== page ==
Museum Moment: Legacy Of Patty Berg

Minneapolis native became one of golf's greatest players

By Rhonda Glenn
February 13, 2011

Not only was Minneapolis native Patty Berg a great champion, but she also had plenty of personality. (USGA Museum)

In 2006, Patty Berg died at the age of 88. For some 75 years, Berg had led a very public life and in that great span of time she was like America itself, part of its vast, heaving 20th-century landscape when so much changed. Like other Americans of that era she pitched in during wartime, suffered sorrows and was rendered resilient. Hers was an extraordinary American life.

What most people remember about Patty Berg is her role as a performer. We remember her last golf clinics when she was white-haired and stooped with age.  We remember her jokes, her collection of wild hats and her last brave efforts to hit balls while she reeled off her spiel at full roar. In those last years, golf fans treated her with care and a bit of awe, but her legend had started long ago.

Patty Berg was born in Minneapolis on Feb. 13, 1918 (she would have turned 93 today)  before the end of World War I and two years before American women won the right to vote. From the start, her career transcended contemporary mores. She won sports fame in her native Minnesota, most notably in speed skating and, oddly, football. She played quarterback for a children’s neighborhood football team, the “50th Street Tigers,” which featured Bud Wilkinson, the future coach for the University of Oklahoma. A photo of the motley little squad made the newspapers.(View video of Berg's legacy to the game).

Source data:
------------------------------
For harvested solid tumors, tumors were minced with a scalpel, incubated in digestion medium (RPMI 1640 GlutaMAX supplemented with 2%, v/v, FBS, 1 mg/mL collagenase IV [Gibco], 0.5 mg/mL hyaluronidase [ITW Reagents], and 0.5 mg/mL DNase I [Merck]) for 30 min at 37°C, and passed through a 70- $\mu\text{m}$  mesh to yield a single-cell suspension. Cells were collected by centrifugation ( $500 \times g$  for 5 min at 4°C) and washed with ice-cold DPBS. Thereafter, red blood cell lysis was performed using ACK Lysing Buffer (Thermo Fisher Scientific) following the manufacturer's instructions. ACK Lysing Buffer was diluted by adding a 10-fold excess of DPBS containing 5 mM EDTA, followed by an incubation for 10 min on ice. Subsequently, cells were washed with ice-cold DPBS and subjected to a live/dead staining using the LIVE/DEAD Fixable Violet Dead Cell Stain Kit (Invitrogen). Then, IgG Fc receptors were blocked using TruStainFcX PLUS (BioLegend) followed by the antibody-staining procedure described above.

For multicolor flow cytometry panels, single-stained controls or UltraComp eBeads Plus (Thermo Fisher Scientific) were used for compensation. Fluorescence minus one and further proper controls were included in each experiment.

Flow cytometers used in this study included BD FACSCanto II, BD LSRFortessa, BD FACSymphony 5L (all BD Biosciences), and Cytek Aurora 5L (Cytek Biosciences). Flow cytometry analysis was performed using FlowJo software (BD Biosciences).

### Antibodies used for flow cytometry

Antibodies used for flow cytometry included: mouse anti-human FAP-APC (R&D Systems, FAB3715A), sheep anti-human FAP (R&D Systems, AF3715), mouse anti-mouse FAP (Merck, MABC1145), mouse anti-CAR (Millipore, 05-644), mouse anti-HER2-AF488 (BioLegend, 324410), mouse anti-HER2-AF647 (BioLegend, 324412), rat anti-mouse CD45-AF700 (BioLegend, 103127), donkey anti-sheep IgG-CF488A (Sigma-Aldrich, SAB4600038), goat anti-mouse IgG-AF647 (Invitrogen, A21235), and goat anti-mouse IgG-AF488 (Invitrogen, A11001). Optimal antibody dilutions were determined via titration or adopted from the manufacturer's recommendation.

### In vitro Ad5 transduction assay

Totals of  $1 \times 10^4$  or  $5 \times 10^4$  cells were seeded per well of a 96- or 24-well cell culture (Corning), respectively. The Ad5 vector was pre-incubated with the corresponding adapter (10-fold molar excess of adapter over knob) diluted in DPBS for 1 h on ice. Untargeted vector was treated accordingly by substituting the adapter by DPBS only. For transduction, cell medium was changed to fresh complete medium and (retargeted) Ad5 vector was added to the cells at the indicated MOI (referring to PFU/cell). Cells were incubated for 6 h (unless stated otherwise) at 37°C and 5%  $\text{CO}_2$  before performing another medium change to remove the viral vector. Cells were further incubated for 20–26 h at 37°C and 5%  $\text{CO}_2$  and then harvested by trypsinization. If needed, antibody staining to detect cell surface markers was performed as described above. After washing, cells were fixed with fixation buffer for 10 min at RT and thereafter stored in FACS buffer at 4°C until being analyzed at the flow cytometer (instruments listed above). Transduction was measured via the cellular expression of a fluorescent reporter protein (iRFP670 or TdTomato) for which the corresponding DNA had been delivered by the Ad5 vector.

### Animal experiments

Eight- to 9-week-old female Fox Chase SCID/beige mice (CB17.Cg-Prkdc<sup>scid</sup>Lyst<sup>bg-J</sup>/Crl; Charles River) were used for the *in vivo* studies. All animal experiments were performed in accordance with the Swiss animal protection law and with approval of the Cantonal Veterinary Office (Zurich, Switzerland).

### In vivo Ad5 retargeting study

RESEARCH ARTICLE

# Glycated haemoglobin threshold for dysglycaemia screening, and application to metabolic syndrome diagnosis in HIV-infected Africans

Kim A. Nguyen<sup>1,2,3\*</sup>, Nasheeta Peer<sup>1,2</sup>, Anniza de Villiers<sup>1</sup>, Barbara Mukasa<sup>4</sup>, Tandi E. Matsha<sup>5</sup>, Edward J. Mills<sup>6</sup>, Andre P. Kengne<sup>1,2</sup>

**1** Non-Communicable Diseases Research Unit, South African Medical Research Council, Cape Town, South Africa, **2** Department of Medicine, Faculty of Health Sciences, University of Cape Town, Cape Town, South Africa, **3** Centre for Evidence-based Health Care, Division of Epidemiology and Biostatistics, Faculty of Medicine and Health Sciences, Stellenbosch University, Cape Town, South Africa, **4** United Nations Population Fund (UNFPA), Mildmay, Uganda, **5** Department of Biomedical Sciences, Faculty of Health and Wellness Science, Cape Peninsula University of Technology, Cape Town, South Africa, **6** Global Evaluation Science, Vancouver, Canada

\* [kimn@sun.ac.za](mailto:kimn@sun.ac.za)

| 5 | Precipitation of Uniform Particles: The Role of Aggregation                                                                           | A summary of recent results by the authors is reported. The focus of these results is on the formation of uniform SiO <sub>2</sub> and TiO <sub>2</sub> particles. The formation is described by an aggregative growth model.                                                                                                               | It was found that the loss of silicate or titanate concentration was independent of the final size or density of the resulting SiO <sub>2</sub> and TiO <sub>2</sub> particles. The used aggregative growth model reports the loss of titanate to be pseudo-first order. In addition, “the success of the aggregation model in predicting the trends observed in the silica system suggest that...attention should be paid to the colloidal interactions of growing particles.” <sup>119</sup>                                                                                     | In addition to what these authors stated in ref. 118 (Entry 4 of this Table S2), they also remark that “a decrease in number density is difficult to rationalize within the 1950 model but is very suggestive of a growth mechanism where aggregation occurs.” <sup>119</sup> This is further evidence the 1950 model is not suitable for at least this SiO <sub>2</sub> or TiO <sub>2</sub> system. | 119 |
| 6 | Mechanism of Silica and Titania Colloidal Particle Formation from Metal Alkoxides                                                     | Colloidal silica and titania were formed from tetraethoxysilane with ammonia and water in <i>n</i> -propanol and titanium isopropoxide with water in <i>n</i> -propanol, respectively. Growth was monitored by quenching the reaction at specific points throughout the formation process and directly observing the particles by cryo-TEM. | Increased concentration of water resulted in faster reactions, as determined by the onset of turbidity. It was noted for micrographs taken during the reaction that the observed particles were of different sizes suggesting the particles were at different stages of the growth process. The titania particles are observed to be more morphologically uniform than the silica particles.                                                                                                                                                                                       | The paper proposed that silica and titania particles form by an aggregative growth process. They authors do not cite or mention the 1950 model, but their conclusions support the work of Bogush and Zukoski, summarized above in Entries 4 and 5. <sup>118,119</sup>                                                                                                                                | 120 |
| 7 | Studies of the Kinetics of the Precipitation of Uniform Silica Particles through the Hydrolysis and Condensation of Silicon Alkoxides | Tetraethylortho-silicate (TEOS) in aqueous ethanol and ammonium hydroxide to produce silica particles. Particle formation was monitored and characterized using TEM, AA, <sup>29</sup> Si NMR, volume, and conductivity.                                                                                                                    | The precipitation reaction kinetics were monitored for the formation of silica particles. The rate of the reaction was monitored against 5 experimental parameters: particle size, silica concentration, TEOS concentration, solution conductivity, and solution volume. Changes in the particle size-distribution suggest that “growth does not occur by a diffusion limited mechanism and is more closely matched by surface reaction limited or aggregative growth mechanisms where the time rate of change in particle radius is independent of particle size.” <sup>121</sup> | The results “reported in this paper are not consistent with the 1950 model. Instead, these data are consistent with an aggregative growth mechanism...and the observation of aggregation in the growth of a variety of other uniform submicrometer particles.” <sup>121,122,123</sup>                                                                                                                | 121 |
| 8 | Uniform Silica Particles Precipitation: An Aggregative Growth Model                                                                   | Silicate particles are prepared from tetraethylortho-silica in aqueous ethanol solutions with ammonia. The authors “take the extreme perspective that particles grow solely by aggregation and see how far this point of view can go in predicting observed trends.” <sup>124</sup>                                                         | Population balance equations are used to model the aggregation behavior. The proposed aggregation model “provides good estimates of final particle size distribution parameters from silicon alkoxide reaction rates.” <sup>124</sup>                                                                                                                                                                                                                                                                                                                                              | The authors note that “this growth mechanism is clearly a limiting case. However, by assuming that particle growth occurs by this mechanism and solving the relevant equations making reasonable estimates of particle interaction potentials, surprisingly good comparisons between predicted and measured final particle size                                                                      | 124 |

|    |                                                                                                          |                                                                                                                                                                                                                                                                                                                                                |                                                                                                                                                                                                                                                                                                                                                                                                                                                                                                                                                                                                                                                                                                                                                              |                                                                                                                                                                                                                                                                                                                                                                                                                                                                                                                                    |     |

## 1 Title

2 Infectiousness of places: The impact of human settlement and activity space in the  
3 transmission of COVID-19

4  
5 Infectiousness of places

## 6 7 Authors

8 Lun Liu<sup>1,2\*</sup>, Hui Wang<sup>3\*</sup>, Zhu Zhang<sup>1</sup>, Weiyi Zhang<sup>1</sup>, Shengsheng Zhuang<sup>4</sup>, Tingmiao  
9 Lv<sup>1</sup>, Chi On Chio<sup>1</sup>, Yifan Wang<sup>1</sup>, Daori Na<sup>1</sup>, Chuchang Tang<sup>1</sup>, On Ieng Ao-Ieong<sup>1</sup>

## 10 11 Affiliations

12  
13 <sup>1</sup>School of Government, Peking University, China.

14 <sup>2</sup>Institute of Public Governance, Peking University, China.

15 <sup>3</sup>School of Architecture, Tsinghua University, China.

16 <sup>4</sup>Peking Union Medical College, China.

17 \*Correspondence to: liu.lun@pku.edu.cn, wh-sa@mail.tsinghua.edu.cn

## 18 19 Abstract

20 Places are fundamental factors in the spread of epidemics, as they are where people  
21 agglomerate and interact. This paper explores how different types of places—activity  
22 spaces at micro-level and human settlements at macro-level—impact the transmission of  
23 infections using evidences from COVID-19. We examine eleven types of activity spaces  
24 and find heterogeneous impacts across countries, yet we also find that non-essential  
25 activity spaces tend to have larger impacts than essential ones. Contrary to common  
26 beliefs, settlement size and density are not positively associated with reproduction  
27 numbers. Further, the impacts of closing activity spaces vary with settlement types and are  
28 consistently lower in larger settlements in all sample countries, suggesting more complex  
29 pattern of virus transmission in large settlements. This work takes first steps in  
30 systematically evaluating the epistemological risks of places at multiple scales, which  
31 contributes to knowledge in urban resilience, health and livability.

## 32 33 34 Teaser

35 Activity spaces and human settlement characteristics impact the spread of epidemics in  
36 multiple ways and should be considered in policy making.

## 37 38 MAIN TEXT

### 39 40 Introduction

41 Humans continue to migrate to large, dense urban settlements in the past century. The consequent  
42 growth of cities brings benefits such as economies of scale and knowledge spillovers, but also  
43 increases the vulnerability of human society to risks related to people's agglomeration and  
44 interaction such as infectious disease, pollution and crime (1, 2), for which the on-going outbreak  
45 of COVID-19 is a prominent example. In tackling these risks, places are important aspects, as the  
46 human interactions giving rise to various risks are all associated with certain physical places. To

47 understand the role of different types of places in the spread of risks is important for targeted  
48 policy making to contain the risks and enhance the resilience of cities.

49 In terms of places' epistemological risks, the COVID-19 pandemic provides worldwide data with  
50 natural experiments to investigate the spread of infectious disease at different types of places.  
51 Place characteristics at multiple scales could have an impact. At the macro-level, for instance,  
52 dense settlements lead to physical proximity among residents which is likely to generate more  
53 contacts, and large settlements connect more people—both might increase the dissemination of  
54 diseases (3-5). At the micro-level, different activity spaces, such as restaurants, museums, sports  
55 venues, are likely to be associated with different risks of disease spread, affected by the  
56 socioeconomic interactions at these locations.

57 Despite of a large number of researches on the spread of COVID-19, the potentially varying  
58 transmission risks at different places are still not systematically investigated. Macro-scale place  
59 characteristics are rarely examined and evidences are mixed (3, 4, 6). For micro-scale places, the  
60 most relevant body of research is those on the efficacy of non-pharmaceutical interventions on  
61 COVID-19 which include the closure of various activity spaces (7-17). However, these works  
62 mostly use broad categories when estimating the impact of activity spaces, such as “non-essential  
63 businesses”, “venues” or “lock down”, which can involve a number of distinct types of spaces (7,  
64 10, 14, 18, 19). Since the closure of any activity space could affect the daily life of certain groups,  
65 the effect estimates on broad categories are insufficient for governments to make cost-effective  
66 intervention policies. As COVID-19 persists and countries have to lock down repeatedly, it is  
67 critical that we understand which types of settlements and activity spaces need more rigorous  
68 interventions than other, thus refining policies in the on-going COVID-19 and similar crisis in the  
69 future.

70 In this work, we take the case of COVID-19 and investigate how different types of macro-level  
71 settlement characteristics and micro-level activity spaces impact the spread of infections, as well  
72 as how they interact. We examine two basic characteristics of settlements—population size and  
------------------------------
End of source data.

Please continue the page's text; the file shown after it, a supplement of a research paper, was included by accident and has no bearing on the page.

Berg won track and field competitions in high school and played ice hockey and baseball. She won the state midget speed skating championship and placed third in the national competition. Then she ran into St. Paul’s Edna Schwartz.

“It seemed to me as though she just was skating around the circle twice when I was going around once,” Berg recalled in 1994. “I thought, well, I better get another sport. Edna’s too tough.”

A key to her athletic career was support from her mother, Theresa, sisters Helen and Mary, and her brother, Herman Berg, Jr. But it was her father, Herman Berg Sr., a grain merchant and a member of the Chicago Board of Trade and the Minneapolis Board of Trade, who was the single greatest influence on Patty’s career. Years later she would write that their “golfing partnership” was the most treasured experience of her life.  In a time when girls were usually lured into elocution or piano lessons, Herman Berg encouraged her keen interest in sports and had the means to finance it.